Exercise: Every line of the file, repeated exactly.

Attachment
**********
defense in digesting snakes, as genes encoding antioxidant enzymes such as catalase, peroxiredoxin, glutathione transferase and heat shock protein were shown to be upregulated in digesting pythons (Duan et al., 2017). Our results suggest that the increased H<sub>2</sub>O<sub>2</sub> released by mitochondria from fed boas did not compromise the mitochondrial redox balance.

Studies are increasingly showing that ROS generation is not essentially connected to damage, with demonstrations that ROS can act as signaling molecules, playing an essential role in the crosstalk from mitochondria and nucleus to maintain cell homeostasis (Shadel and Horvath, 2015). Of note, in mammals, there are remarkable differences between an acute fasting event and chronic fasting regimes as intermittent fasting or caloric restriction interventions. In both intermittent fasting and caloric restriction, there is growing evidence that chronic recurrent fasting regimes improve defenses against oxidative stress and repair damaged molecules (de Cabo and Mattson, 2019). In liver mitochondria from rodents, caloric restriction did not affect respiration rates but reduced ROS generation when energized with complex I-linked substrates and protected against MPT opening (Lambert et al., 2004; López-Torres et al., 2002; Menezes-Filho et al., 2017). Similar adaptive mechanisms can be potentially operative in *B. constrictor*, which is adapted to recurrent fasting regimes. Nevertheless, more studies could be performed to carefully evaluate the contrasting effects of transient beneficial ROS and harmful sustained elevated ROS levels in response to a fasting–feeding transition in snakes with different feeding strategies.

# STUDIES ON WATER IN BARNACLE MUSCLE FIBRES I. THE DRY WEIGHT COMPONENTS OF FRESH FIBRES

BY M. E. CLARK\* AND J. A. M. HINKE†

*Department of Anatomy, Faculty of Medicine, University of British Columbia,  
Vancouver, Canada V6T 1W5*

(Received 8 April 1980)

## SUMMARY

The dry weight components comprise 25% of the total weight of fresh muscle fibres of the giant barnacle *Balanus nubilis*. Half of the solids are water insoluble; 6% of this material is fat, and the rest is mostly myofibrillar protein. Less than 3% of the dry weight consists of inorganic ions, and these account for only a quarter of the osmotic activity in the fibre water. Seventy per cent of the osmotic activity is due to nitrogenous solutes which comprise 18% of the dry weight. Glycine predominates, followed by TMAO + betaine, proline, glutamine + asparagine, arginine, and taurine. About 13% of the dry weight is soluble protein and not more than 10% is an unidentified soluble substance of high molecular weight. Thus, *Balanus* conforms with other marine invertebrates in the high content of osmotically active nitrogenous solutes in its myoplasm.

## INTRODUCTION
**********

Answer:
defense in digesting snakes, as genes encoding antioxidant enzymes such as catalase, peroxiredoxin, glutathione transferase and heat shock protein were shown to be upregulated in digesting pythons (Duan et al., 2017). Our results suggest that the increased H<sub>2</sub>O<sub>2</sub> released by mitochondria from fed boas did not compromise the mitochondrial redox balance.

Studies are increasingly showing that ROS generation is not essentially connected to damage, with demonstrations that ROS can act as signaling molecules, playing an essential role in the crosstalk from mitochondria and nucleus to maintain cell homeostasis (Shadel and Horvath, 2015). Of note, in mammals, there are remarkable differences between an acute fasting event and chronic fasting regimes as intermittent fasting or caloric restriction interventions. In both intermittent fasting and caloric restriction, there is growing evidence that chronic recurrent fasting regimes improve defenses against oxidative stress and repair damaged molecules (de Cabo and Mattson, 2019). In liver mitochondria from rodents, caloric restriction did not affect respiration rates but reduced ROS generation when energized with complex I-linked substrates and protected against MPT opening (Lambert et al., 2004; López-Torres et al., 2002; Menezes-Filho et al., 2017). Similar adaptive mechanisms can be potentially operative in *B. constrictor*, which is adapted to recurrent fasting regimes. Nevertheless, more studies could be performed to carefully evaluate the contrasting effects of transient beneficial ROS and harmful sustained elevated ROS levels in response to a fasting–feeding transition in snakes with different feeding strategies.

# STUDIES ON WATER IN BARNACLE MUSCLE FIBRES I. THE DRY WEIGHT COMPONENTS OF FRESH FIBRES

BY M. E. CLARK\* AND J. A. M. HINKE†

*Department of Anatomy, Faculty of Medicine, University of British Columbia,  
Vancouver, Canada V6T 1W5*

(Received 8 April 1980)

## SUMMARY

The dry weight components comprise 25% of the total weight of fresh muscle fibres of the giant barnacle *Balanus nubilis*. Half of the solids are water insoluble; 6% of this material is fat, and the rest is mostly myofibrillar protein. Less than 3% of the dry weight consists of inorganic ions, and these account for only a quarter of the osmotic activity in the fibre water. Seventy per cent of the osmotic activity is due to nitrogenous solutes which comprise 18% of the dry weight. Glycine predominates, followed by TMAO + betaine, proline, glutamine + asparagine, arginine, and taurine. About 13% of the dry weight is soluble protein and not more than 10% is an unidentified soluble substance of high molecular weight. Thus, *Balanus* conforms with other marine invertebrates in the high content of osmotically active nitrogenous solutes in its myoplasm.

## INTRODUCTION